In the page condition the format of the text presented on the screen was similar to the format of the text in The Complete Works of Saki. For example, text that was centered or indented in the book was centered or indented on the screen. There was no hyphenation, however, and the number of words per line was different from the number in the book.

Each subject was left alone in the room during the reading periods. The end of each 70-min period was signaled by a beep from the computer. In the page condition the experimenter counted the number of words that the subject had read on the final screen. This total was then added to the total reported by the computer program (the program excluded the current screen when calculating the number of words presented).

After the second 70-min reading period, subjects were given 15 min to answer 30 short-answer comprehension questions, three on each of the first five stories in each of the two sets. (Only three questions were asked per story to allow as much time as possible for reading.) In addition, subjects were given a questionnaire that asked for subjective judgments - on a seven-point scale - of dizziness, headache, nausea, fatigue, and eyestrain both before and after completing the experiment. Subjects also judged their desire to read more.

Results and Discussion

Reading was approximately twice as fast in the page condition as in the RSVP condition in both Set 1 and Set 2 (Table 4). This effect was highly reliable, F(1,30) = 36.60, p < 0.001. As in Muter et al. (1982), reading was significantly faster in Set 2 than in Set 1, F(1,30) = 17.49, p < 0.001, and there was no interaction between presentation method and set, F(1,30) < 1.

With regard to comprehension, there were no effects of presentation method, F(1,30) < 1; set, F(1,30) = 1.75; or the interaction, F(1,30) = 1.31. Mean comprehension scores were between 4 and 5 out of a possible score of 9. Because the slowest reader read only three stories per set, only questions on these stories were included in the results. The comprehension tests, therefore, may have been less sensitive than in the earlier experiments, and the possibility of a differential speed-accuracy trade-off in Experiment 5 cannot be ruled out - subjects may have chosen to sacrifice speed for comprehension in the RSVP condition more than in the page condition.

From Experiment 1 we know that starting rate can influence later reading rate, and the results in Experiment 5 may have been affected by the relatively low starting rate of 120 wpm in the RSVP condition. However, this was the final rate in the previous experiment with similar subjects. Furthermore, the reading materials in Experiment 5 were more difficult than those in Experiment 4. If anything, a more reasonable starting rate in Experiment 5 would have been less than 120 wpm.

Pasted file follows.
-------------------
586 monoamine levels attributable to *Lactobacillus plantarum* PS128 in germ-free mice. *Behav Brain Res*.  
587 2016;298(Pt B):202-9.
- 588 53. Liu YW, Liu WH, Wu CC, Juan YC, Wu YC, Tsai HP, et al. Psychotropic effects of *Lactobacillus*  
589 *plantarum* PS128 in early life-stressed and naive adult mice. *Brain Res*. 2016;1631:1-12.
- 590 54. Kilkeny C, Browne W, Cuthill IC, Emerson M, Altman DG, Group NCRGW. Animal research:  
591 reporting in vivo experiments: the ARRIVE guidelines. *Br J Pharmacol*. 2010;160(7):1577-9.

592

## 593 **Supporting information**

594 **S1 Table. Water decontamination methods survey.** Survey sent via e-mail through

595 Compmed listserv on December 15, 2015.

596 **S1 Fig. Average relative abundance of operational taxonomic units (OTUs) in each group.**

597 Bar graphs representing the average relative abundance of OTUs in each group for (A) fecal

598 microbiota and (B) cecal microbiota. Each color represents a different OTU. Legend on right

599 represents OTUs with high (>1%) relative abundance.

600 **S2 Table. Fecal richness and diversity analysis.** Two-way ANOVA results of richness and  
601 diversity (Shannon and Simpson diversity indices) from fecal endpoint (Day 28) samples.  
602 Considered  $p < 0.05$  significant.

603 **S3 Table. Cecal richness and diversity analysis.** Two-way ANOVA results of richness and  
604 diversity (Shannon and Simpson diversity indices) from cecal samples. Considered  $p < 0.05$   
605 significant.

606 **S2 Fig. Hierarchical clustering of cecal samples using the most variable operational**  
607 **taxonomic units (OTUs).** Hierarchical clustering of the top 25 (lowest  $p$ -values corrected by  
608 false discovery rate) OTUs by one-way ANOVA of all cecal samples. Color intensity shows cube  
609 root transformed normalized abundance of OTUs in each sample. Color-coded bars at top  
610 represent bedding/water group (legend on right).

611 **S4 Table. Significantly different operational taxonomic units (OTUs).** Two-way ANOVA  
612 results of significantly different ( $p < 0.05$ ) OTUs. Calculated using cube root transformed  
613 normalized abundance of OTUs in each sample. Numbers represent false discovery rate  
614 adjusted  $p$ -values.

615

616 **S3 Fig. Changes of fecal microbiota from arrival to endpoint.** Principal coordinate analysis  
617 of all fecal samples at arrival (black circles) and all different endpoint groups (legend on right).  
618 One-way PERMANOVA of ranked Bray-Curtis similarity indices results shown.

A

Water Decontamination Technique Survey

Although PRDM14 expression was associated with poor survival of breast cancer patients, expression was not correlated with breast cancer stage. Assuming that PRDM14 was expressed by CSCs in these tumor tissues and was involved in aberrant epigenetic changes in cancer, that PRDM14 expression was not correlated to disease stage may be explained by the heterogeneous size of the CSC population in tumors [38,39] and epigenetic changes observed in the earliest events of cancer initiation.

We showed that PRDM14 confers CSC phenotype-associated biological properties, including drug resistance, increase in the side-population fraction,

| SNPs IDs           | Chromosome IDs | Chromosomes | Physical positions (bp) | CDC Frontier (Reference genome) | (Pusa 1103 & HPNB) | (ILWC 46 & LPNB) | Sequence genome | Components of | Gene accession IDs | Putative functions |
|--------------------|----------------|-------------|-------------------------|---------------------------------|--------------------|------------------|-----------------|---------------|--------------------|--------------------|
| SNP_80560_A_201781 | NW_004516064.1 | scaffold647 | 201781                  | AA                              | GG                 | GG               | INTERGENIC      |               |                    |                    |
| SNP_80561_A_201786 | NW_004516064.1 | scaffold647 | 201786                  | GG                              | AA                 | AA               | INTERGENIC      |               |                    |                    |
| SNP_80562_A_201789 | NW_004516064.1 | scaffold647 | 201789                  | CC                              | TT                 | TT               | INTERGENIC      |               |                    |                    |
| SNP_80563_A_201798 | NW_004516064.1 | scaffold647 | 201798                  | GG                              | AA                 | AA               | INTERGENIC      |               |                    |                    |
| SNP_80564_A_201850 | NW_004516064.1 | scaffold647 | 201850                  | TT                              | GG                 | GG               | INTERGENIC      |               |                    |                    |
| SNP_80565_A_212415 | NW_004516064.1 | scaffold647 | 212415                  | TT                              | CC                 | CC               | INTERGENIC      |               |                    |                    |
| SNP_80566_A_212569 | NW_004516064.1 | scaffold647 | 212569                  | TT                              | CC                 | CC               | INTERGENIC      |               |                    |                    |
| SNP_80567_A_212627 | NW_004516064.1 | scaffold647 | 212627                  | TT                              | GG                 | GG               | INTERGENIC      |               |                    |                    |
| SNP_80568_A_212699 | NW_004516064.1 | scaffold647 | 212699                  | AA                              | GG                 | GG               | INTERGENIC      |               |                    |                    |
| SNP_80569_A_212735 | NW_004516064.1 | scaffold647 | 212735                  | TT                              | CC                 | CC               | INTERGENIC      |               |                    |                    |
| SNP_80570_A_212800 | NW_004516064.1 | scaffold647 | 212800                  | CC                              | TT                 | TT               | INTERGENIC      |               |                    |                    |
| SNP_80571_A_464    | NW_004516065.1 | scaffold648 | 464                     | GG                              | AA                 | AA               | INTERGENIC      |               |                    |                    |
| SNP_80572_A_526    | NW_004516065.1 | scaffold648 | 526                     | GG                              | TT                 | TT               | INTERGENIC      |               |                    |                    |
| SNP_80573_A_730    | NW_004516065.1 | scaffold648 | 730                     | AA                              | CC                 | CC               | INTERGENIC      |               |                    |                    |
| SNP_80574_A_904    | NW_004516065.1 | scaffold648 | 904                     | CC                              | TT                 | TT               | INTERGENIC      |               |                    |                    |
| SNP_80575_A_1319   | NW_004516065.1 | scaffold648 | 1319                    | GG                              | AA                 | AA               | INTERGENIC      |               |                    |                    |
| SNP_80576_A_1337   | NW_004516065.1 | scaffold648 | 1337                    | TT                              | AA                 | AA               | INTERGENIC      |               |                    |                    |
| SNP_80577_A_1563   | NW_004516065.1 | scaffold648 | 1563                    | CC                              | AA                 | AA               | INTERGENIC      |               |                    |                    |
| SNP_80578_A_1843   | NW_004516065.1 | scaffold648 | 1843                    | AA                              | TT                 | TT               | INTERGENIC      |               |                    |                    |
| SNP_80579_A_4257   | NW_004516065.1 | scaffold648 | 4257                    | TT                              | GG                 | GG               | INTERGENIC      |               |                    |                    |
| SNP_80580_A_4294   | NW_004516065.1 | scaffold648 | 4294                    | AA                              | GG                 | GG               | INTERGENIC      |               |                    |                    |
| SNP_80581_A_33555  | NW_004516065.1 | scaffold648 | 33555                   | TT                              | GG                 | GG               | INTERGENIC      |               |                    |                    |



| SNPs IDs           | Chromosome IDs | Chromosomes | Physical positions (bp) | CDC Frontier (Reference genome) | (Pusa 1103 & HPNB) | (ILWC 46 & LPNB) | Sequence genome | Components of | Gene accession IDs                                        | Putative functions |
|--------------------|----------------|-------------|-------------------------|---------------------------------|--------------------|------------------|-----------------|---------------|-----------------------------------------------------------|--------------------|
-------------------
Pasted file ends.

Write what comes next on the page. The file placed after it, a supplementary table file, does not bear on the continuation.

Keypress data are given in Table 5. Once again sentence regressions were preferred to two-word regressions, t(15) = 2.14, p < 0.05.

As measured by subjective reports (see Table 6), there was some buildup of discomfort - particularly fatigue and eyestrain - but there were no reliable differences between the two conditions. (This pattern is similar to that obtained by Muter et al. [1982] in comparing extended reading from a book to extended reading from a computer screen.) There was little desire to read more in either condition, and the difference was not significant.


Techniques of permitting reader control in computerized text presentation were tested in five experiments. Results suggest that under various circumstances, permitting self-pacing and regressions in RSVP is feasible. In some conditions regressions had a negative effect on reading speed, but otherwise performance and comfort were not adversely affected by the presence of reader control.

In Experiment 1 RSVP with self-pacing was compared with page format reading. In the RSVP condition starting rate had a substantial effect on how subjects chose to trade off speed and comprehension. Subjects who were given a fast starting rate maintained a reading speed in RSVP faster than in any other condition. They paid a price by having poorer comprehension. Subjects who started at a slower rate - comparable to the starting rate in the page condition - performed equally well in the two conditions.